"You did a very good job shaving your testicles. You could be a professional."
As far as compliments go, I'd never heard that one before. The fact that it was coming from a man I'd only met once before, briefly, made me wonder if it was even truly a compliment, or if the guy was simply busting my balls (so to speak) about my first true manscaping effort.
The fact that he turned to the four women surrounding him and pointed out my precise razor work as an example for others assured me I'd truly done good in my home preparation for this trip to the urologist. Usually the only positive comments I get at doctor appointments are things like "your body-mass index isn't the worst I've ever seen" or "so you found our office OK," so any compliment is welcome. This one, coming as my nether regions were elevated and exposed to everyone in the room, helped me relax before my imminent vasectomy, especially as my mind wandered to careers where testicle-shaving might be a profitable pursuit. I was about to start looking for a job in Spokane and had no idea what the job market was like.
It was almost three years ago exactly when I went under the knife — more like a soldering iron, really — to end any chance of having children in the future (at least to the degree that vasectomies are mathematically effective). I hadn't really considered the fact that getting this procedure at the University of Utah's teaching hospital would mean three extra 20-something female students looking on as the doc and nurse did the deed.
Unlike many Utah vasectomy patients, I wasn't making the decision after having sired many, many children. That's probably why the doctor asked "are you sure?" several times before injecting a numbing agent into my scrotum — easily the most painful part of the procedure. No, mine was a preemptive strike considered with my partner as we prepared to move in together whenever I landed a gig in Spokane. She already had children, and I wasn't interested in becoming a father for the first time in my 40s, so it wasn't a difficult choice.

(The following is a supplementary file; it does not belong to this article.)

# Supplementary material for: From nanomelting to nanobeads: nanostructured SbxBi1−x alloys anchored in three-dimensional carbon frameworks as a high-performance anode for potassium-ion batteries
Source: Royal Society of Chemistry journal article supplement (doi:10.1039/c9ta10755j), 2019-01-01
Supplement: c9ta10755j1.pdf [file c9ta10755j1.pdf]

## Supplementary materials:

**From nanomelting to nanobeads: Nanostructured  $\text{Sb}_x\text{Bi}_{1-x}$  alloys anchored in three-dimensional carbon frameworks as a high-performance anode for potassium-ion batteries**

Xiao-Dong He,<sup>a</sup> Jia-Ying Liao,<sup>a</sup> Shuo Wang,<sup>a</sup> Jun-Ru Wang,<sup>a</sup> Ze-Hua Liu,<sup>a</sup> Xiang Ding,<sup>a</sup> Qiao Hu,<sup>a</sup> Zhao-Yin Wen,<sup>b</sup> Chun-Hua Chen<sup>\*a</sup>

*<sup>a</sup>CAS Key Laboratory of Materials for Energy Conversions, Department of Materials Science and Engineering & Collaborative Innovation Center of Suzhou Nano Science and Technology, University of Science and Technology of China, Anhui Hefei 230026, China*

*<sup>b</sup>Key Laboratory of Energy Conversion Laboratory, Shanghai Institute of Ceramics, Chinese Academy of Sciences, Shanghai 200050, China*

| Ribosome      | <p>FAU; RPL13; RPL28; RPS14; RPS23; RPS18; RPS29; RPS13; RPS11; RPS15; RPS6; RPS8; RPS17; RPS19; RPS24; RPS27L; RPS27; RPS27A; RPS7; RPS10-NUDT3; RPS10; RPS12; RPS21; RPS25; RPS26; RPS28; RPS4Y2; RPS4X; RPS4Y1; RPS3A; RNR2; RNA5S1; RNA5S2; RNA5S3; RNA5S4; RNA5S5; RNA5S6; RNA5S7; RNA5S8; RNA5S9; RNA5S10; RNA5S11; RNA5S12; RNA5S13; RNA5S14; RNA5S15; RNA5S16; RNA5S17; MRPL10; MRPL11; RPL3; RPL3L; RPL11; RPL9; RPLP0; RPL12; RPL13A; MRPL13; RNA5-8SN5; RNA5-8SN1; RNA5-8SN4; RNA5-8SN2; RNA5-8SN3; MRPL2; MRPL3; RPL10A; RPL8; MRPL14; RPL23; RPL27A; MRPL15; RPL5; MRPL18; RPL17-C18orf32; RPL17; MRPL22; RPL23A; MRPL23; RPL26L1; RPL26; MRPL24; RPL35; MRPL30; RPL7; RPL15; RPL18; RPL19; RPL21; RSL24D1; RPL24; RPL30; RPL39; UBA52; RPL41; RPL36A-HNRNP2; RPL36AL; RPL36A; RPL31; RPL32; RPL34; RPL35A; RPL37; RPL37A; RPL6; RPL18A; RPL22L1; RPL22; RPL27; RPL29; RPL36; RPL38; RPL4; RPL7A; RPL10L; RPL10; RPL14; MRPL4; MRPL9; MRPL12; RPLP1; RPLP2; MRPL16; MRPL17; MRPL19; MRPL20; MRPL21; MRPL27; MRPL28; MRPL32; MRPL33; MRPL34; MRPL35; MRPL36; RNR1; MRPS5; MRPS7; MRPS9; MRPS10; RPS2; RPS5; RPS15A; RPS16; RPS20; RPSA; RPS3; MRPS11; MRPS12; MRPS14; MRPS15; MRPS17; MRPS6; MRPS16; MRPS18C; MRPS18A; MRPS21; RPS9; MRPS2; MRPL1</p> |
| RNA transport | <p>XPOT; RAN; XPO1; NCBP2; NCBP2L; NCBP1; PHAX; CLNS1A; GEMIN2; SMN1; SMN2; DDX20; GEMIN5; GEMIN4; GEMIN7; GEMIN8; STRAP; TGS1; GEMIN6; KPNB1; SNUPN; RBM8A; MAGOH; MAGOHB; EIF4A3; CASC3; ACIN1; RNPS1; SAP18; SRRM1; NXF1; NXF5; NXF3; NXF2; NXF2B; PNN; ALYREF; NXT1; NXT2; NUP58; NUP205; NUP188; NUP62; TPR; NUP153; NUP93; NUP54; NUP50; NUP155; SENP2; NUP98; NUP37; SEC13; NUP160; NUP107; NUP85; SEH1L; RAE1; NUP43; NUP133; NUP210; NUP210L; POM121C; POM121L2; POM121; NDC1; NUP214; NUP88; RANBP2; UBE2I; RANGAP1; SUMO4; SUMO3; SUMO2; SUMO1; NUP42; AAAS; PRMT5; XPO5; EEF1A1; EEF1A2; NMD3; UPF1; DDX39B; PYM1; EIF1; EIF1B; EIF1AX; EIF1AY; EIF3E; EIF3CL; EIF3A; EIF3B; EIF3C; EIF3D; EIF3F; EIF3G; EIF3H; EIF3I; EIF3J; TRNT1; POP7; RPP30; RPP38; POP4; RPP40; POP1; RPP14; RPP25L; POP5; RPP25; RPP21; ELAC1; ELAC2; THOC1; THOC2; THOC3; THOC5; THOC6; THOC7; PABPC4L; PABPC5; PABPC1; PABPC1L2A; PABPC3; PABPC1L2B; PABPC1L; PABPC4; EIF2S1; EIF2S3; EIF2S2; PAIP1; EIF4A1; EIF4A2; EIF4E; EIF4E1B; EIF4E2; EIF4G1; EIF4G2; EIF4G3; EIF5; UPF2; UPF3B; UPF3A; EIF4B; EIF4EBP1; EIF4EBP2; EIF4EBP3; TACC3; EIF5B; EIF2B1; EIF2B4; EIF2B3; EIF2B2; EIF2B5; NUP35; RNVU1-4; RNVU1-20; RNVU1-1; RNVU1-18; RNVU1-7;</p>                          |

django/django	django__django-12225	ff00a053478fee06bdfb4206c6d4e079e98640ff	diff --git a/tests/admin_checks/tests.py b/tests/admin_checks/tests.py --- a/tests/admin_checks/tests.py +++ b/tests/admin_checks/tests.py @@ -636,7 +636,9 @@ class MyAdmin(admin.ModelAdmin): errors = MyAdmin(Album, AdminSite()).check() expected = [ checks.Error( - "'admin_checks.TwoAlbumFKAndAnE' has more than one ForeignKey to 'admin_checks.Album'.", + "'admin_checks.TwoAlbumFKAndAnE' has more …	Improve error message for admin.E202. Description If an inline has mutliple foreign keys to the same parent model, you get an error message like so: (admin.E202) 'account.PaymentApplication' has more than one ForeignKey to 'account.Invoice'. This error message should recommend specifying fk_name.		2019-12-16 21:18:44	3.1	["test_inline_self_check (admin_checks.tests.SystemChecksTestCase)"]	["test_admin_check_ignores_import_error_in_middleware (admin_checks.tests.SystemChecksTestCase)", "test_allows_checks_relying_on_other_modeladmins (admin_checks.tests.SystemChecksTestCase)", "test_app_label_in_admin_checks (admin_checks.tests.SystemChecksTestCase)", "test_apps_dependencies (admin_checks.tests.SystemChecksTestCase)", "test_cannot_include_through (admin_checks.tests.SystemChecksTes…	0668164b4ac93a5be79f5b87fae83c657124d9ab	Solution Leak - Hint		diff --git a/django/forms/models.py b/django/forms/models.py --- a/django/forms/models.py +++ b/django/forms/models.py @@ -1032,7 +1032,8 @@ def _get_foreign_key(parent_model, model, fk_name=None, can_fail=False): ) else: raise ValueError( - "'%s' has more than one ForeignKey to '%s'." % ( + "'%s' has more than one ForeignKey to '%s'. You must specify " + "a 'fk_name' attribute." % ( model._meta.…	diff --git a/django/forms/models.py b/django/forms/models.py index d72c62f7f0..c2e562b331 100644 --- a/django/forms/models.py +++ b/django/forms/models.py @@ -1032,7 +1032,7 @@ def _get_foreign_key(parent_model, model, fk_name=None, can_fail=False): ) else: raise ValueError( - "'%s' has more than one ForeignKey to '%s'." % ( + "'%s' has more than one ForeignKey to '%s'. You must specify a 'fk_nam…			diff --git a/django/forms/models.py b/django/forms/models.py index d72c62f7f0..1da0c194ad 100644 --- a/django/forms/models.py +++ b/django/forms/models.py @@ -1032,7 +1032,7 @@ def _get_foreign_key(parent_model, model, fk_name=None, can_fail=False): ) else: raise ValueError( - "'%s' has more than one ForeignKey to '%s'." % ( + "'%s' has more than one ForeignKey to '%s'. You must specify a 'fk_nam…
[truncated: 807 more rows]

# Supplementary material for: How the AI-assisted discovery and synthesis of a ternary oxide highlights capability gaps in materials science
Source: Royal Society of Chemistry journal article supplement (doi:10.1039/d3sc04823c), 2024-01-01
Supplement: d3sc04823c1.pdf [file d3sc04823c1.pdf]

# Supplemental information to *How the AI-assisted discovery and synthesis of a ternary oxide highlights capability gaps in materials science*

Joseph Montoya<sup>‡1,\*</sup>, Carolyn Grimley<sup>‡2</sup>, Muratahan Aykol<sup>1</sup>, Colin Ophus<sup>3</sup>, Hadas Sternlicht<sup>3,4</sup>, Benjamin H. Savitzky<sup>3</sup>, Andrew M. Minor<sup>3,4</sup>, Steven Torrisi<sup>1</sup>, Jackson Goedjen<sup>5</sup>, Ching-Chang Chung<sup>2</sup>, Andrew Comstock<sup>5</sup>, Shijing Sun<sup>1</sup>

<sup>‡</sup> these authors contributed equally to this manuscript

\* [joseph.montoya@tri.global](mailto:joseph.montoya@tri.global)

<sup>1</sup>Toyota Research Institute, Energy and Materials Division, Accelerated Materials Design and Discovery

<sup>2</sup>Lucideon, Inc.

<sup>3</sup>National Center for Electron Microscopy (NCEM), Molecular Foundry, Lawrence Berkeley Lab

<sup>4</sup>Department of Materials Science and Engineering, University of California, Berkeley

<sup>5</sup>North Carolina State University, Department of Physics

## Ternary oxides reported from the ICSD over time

When a vasectomy first came up in conversation, it was surprisingly casual. We were in Venice Beach for a weekend during the winter, one of those meet-up getaways you have to do when you're in a long-distance relationship. I mentioned I was thinking of getting a vasectomy. She mentioned she would soon have to replace her IUD. A little number-crunching showed a new IUD might cost upwards of $1,000. A vasectomy, thanks to my awesome health insurance in patriarchal Utah, would end up costing me about $50. I'm not a financial planner, but this was easy.
It was several months before I could get an appointment, and during that time I found out many of my friends had undergone the procedure, too, and had some great advice to share. Bags of frozen peas instead of ice cubes to fight post-surgery swelling, for one. Forget the doctor's advice to wear a jockstrap to keep everything snug after surgery, for another; baggy shorts work just fine.
I also found out from my mother that my dad, who died about six months earlier, had a vasectomy after I was born, so suddenly I had a new bond with the man — albeit kind of a weird one, and one I wouldn't be sharing with another generation. ♦